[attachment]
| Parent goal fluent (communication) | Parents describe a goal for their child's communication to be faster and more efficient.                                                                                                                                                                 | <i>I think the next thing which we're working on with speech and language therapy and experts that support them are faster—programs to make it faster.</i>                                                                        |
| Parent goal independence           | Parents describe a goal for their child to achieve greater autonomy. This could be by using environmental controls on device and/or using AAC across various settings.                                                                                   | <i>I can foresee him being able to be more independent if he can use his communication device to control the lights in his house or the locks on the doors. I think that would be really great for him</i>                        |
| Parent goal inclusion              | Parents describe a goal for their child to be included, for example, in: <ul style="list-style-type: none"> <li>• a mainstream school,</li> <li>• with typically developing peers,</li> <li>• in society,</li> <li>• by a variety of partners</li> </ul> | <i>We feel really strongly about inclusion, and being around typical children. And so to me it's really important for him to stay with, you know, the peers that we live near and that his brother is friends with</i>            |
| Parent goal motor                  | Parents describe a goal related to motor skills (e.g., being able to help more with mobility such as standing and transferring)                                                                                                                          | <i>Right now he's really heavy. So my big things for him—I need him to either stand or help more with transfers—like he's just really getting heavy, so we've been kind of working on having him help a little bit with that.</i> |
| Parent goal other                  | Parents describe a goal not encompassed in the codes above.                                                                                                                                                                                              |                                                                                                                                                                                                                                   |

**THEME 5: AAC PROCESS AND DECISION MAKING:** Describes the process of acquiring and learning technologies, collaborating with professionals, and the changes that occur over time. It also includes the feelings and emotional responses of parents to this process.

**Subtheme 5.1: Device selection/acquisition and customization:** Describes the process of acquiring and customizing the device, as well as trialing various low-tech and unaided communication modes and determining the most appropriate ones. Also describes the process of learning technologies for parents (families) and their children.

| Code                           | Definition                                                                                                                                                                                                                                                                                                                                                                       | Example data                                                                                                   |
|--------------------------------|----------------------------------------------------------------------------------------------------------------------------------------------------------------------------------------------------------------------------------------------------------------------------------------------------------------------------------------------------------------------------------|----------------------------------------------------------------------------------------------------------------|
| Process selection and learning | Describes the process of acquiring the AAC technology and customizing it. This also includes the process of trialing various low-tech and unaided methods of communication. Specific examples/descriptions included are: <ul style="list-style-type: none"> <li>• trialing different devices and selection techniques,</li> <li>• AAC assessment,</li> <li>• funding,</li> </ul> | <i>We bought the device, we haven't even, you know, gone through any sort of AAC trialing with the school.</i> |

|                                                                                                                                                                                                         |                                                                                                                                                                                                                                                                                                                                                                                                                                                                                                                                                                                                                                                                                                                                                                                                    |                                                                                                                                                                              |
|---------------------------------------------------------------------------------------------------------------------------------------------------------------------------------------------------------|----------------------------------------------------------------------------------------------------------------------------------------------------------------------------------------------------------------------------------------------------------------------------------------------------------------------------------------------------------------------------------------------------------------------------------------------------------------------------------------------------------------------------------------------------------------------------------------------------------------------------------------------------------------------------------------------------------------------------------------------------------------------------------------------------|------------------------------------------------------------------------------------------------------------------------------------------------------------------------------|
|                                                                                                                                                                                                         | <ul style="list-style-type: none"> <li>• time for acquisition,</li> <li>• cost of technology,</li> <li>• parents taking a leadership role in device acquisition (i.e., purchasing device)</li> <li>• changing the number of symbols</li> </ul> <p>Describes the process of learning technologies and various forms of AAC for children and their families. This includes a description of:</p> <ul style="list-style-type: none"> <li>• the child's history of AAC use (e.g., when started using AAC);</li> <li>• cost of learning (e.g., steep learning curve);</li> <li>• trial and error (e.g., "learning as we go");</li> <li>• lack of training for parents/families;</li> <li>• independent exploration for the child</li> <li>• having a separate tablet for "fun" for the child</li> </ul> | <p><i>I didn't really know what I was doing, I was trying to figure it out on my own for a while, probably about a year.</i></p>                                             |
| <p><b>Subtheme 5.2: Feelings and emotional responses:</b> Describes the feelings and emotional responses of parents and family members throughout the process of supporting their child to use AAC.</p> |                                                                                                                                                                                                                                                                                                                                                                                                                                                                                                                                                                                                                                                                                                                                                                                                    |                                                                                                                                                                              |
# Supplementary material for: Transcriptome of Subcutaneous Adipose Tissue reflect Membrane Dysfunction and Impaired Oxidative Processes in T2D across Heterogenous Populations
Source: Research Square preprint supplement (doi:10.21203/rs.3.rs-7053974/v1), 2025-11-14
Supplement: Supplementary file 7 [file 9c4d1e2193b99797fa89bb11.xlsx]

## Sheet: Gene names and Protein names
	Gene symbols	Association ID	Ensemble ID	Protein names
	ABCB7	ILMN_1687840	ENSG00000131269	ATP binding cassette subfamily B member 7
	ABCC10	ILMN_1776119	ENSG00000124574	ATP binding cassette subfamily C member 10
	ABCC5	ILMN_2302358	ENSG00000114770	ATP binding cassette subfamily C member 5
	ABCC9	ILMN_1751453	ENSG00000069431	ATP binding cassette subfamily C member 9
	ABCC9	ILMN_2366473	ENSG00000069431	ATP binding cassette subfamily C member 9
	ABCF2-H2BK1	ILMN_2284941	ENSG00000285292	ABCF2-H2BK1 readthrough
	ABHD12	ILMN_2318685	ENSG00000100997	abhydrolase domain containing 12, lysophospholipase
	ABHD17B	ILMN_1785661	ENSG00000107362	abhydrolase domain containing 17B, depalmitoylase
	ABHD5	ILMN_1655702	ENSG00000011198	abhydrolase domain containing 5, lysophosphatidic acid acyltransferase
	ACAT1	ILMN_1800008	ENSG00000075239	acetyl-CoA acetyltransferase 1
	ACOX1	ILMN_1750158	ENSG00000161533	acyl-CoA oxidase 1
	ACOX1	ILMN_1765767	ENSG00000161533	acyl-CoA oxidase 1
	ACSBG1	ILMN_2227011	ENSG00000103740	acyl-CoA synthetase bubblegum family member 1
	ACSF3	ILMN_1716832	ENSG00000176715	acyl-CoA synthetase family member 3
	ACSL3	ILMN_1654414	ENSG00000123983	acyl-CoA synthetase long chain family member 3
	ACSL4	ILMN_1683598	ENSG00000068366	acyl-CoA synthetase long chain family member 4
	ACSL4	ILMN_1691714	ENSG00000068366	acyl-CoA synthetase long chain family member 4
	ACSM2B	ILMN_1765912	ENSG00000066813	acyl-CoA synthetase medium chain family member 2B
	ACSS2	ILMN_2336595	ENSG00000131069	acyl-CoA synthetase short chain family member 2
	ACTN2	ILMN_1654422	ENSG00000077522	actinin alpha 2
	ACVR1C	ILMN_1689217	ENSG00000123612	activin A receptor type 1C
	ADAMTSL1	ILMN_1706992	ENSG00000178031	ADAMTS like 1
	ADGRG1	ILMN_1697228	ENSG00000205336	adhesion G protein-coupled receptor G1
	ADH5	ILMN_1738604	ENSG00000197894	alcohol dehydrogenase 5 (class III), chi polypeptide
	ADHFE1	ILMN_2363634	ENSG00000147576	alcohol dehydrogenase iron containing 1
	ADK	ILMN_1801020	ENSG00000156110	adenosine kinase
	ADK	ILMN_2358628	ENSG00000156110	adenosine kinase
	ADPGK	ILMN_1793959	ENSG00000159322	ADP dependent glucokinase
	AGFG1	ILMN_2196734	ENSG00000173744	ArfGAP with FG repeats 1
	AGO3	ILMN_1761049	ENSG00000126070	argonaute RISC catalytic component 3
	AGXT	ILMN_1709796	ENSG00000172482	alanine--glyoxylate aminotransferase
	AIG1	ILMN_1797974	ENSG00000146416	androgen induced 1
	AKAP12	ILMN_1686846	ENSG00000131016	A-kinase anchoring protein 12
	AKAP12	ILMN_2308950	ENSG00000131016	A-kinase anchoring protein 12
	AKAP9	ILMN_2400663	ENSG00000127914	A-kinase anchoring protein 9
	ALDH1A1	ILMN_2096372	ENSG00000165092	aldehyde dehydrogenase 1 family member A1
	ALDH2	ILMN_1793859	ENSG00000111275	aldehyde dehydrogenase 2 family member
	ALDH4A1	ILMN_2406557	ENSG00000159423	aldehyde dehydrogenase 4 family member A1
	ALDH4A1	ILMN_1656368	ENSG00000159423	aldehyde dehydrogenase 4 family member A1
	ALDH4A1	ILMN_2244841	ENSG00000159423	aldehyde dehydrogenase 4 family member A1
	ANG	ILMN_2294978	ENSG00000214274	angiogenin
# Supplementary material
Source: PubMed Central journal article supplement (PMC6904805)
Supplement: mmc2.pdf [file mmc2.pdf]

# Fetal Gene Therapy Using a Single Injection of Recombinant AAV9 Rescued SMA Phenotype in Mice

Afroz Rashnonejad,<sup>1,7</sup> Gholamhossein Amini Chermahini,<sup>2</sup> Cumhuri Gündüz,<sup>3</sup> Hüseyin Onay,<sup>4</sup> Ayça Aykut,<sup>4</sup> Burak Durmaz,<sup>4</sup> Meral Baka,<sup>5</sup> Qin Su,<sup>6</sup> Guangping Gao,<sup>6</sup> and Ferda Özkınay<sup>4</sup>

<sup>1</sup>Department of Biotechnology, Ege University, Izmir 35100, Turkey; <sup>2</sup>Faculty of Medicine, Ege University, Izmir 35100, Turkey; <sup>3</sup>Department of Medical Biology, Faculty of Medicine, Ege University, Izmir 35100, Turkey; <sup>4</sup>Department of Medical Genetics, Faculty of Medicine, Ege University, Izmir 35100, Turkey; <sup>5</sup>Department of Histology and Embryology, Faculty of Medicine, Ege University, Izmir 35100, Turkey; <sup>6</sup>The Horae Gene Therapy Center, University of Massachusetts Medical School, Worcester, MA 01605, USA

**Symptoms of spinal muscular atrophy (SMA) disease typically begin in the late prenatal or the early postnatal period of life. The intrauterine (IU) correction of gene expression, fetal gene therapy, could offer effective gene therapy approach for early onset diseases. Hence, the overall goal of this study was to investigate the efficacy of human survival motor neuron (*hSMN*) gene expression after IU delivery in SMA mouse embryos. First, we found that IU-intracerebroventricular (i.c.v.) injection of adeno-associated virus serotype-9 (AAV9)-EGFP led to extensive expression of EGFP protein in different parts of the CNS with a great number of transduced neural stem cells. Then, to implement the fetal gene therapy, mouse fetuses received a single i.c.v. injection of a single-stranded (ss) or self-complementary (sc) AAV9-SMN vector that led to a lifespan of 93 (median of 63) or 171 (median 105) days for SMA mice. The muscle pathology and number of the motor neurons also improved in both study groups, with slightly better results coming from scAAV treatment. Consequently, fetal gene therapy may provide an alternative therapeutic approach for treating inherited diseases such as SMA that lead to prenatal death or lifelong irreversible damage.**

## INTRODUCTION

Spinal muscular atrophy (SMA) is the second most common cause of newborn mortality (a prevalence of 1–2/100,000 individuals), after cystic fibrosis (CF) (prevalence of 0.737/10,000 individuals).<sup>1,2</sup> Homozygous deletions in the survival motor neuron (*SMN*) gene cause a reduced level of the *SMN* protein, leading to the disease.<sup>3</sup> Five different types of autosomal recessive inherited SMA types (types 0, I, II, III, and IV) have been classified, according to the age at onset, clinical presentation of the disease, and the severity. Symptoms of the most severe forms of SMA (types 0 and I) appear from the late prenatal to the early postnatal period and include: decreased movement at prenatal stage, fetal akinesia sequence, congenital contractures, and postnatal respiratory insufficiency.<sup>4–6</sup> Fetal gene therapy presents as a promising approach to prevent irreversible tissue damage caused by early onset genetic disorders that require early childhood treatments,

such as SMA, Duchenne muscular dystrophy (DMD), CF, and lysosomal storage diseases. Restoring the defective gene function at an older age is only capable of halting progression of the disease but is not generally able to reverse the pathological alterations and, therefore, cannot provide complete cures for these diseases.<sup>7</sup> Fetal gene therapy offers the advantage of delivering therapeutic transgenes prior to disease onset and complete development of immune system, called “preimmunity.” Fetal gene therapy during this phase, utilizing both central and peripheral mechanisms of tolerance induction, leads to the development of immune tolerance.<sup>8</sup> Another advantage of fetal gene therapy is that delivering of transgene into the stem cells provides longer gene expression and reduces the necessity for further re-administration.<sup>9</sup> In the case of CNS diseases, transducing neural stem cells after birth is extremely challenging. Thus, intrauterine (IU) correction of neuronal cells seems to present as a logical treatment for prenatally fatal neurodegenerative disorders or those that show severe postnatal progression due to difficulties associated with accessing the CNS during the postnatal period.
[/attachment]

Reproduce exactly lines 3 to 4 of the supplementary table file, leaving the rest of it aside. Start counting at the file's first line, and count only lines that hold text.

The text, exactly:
| Parent goal inclusion              | Parents describe a goal for their child to be included, for example, in: <ul style="list-style-type: none"> <li>• a mainstream school,</li> <li>• with typically developing peers,</li> <li>• in society,</li> <li>• by a variety of partners</li> </ul> | <i>We feel really strongly about inclusion, and being around typical children. And so to me it's really important for him to stay with, you know, the peers that we live near and that his brother is friends with</i>            |
| Parent goal motor                  | Parents describe a goal related to motor skills (e.g., being able to help more with mobility such as standing and transferring)                                                                                                                          | <i>Right now he's really heavy. So my big things for him—I need him to either stand or help more with transfers—like he's just really getting heavy, so we've been kind of working on having him help a little bit with that.</i> |